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In The following lines from 'the Japanese Quince' by John Galsworthy :

he drew several deep breaths but they augmented rather than diminished the sensation - as of some sweetish liquor in course within him, together with a faint aching just above his heart.

I can't make sense of the part where it says "in course within him". I dont know what it means. I already looked up the definitions of 'course' in 2 different dictionaries so please cease from suggesting just that !

  • I suspect that even a century ago, Galsworthy's cited usage would more likely be seen as "dated, affected" (as opposed to "old-fashioned, poetic"). Today I'd say it's just archaic - not a usage the average learner would expect to ever encounter, and certainly not something you'd want to actually repeat in your own utterances. – FumbleFingers Sep 15 '16 at 13:59
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In this context, /in course within him/ means: coursing through him.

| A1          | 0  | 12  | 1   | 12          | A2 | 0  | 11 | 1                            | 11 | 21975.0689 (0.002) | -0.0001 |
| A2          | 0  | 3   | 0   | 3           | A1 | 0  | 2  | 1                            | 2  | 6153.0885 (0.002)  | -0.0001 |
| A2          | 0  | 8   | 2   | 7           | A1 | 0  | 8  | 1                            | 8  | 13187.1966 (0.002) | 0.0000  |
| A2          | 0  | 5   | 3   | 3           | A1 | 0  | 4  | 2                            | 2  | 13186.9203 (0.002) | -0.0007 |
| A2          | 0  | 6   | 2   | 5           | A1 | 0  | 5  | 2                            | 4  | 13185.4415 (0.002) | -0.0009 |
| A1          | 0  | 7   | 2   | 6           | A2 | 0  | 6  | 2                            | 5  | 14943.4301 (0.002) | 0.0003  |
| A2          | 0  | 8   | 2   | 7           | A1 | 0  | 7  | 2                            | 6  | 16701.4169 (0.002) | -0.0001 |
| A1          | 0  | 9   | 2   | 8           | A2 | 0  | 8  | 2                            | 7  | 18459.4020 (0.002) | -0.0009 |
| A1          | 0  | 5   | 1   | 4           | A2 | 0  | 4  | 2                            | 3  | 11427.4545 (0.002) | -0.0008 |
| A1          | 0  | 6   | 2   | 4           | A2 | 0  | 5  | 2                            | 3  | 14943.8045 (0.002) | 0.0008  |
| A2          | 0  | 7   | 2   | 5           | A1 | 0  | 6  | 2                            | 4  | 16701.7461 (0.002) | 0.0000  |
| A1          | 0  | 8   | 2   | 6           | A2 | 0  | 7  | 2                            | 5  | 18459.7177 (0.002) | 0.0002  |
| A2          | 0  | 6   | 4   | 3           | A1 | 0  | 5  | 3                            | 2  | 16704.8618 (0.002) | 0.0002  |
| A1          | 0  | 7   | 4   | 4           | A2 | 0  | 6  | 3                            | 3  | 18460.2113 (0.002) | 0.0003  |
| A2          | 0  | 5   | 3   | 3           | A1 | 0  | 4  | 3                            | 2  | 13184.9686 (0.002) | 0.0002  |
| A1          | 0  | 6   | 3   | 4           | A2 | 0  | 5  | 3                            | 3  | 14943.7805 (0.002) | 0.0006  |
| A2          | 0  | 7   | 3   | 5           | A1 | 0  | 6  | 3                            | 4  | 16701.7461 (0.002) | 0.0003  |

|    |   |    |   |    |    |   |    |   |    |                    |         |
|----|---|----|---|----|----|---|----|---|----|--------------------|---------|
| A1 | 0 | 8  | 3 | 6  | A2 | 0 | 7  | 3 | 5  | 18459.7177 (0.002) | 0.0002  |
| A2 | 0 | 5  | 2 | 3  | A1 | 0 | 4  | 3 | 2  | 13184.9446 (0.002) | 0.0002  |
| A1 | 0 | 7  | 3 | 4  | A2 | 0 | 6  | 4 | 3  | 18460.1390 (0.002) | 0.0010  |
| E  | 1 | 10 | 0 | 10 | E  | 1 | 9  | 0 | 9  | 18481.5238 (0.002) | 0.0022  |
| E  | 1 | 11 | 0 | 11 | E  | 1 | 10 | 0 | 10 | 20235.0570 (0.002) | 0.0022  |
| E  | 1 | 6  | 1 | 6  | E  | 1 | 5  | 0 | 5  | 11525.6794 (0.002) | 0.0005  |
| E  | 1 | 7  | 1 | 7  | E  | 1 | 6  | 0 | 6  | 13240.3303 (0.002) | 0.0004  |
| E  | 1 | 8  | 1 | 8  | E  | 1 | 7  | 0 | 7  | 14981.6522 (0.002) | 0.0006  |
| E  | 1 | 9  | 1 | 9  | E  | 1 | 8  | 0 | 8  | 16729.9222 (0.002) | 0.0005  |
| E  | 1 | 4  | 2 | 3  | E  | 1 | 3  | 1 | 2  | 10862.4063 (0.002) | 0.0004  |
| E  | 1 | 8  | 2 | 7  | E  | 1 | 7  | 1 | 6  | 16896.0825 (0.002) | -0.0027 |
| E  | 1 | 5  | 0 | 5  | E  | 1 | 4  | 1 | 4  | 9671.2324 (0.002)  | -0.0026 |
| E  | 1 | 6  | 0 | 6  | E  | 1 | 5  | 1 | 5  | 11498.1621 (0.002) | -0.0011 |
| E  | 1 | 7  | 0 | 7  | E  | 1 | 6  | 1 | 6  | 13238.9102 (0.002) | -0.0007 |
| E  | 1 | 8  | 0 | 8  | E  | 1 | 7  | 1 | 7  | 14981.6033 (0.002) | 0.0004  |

Course is a verb in English but here the writer has chosen the noun form instead.

Here are some examples of the word course as a verb: She had blue blood [royal] coursing through her veins.

The sweetish liquor was passing through him, was coursing through him, was flowing through him.

It means: flowing or going through him. Usually, one would use the verb but the noun is fine, too. That's why he's a famous writer.....

In course =going through him.

With the verb, to course through something: is either literally like a river or something that has a flow like blood flow in veins. Here, the stuff is going into his mouth and going through his body.....it is coursing through it....

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